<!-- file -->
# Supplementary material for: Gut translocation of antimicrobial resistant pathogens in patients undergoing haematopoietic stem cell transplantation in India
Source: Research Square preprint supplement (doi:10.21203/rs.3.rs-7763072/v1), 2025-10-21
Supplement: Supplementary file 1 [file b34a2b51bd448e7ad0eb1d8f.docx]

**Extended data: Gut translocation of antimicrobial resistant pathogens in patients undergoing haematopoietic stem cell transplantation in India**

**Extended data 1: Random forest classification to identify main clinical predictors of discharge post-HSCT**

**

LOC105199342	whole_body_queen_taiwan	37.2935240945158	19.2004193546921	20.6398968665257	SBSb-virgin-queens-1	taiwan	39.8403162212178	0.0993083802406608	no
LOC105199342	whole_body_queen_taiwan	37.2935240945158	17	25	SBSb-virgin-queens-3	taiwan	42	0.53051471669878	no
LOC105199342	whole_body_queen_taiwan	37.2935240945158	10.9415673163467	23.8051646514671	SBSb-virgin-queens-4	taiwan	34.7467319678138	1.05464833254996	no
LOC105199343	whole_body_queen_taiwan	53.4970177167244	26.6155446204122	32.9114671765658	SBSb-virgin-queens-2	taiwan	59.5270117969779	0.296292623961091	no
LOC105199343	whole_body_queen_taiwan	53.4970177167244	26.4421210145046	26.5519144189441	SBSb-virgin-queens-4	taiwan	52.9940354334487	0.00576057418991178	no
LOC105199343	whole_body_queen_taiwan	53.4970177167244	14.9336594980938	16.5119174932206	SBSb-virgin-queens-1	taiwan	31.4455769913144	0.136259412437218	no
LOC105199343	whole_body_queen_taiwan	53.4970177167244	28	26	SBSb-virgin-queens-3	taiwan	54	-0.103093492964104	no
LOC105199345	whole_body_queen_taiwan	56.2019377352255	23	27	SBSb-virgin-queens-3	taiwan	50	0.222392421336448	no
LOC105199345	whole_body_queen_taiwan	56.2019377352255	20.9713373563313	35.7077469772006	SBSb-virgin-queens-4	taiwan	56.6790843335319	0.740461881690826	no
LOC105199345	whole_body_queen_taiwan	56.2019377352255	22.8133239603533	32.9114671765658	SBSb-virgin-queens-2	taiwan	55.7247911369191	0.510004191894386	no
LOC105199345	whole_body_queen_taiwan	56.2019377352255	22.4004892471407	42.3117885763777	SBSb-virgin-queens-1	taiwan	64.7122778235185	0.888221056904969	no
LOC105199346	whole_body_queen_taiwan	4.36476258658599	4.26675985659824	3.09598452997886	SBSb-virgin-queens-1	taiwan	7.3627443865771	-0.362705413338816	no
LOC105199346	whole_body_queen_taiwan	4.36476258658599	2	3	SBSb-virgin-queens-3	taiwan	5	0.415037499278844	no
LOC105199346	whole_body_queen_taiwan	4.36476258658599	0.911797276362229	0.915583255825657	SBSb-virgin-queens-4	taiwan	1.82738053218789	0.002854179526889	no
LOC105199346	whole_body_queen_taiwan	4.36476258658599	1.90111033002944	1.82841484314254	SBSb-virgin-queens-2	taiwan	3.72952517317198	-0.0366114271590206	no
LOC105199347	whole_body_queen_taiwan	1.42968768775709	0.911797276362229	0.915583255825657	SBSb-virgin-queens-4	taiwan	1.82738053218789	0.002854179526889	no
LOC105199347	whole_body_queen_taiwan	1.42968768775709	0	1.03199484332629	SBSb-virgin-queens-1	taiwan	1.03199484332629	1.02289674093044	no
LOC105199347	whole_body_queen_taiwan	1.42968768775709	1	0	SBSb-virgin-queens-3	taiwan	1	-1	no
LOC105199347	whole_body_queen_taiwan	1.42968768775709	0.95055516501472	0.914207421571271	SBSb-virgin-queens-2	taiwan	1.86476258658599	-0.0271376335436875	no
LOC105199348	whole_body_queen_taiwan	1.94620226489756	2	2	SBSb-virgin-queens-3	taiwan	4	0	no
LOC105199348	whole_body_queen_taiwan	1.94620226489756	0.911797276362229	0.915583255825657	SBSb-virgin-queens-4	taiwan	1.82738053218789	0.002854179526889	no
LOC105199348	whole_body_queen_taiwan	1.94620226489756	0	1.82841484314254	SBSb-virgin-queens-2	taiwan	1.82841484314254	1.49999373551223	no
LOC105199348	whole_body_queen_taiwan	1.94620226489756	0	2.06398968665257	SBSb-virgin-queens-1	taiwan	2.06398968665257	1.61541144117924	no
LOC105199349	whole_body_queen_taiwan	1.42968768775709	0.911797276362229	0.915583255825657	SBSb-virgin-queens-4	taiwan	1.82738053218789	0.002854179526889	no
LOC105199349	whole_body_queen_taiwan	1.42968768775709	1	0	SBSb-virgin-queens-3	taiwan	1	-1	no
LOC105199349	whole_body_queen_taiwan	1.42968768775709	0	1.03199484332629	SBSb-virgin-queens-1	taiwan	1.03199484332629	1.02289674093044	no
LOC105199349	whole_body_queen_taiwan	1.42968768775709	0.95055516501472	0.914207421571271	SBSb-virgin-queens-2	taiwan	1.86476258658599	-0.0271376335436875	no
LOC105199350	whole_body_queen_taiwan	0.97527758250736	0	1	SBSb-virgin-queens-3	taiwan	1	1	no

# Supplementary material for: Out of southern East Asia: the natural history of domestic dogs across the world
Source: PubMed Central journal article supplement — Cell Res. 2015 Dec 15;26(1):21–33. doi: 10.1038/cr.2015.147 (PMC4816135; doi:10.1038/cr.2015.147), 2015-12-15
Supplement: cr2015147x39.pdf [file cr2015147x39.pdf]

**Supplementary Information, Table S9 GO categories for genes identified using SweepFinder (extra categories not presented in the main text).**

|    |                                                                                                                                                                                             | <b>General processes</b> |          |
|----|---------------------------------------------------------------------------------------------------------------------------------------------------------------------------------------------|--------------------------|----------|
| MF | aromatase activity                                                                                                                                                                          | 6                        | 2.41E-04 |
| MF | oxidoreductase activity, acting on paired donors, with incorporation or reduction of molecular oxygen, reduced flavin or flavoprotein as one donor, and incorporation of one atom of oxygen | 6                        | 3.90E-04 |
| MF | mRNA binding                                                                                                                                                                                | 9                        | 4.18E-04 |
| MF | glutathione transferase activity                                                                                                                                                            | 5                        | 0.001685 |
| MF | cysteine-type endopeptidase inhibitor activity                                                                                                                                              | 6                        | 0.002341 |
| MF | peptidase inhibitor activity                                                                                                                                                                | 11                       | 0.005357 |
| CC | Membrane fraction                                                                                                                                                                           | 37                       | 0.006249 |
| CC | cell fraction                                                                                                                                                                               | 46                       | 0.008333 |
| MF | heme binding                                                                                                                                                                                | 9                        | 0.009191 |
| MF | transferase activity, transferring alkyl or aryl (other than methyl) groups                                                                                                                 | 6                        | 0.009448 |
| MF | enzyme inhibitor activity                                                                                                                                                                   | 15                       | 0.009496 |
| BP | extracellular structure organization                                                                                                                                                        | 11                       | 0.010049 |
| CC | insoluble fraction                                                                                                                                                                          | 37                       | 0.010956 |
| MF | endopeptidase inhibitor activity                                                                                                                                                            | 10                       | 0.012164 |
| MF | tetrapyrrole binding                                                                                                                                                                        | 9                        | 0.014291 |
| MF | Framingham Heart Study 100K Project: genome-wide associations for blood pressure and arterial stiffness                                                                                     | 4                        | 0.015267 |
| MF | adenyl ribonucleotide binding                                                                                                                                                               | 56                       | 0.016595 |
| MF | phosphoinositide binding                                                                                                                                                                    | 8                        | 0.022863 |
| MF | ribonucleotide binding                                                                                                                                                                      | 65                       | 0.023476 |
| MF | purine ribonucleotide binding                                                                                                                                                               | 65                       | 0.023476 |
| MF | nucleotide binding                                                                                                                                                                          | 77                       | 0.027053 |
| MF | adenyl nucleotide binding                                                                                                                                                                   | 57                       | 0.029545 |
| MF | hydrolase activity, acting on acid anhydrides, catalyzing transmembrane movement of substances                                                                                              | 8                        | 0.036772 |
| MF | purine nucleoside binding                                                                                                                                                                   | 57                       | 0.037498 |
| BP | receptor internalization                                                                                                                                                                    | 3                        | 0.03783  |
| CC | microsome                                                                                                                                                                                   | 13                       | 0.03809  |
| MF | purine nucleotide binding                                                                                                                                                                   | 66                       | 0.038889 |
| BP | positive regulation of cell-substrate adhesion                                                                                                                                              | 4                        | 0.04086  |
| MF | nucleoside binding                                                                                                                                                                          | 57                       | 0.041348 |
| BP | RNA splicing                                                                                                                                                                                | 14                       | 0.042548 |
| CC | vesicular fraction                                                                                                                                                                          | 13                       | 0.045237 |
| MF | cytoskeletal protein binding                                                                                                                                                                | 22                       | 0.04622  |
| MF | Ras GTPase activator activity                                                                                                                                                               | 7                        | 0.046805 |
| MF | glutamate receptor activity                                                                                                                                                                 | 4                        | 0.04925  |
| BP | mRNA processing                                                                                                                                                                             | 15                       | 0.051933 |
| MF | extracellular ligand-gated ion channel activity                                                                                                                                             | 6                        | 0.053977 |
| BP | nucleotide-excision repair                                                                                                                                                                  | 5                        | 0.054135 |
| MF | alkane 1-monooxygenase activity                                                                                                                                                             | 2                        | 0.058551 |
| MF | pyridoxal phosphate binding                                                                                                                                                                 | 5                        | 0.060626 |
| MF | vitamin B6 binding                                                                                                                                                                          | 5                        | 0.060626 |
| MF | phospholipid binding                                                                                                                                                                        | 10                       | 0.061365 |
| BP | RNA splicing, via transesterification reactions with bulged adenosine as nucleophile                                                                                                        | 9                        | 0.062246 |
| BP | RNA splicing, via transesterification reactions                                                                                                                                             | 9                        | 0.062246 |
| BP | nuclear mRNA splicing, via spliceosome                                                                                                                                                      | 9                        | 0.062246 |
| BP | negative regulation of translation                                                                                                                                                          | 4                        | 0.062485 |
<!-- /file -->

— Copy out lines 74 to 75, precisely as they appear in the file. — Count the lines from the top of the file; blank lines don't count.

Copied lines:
| MF | glutamate receptor activity                                                                                                                                                                 | 4                        | 0.04925  |
| BP | mRNA processing                                                                                                                                                                             | 15                       | 0.051933 |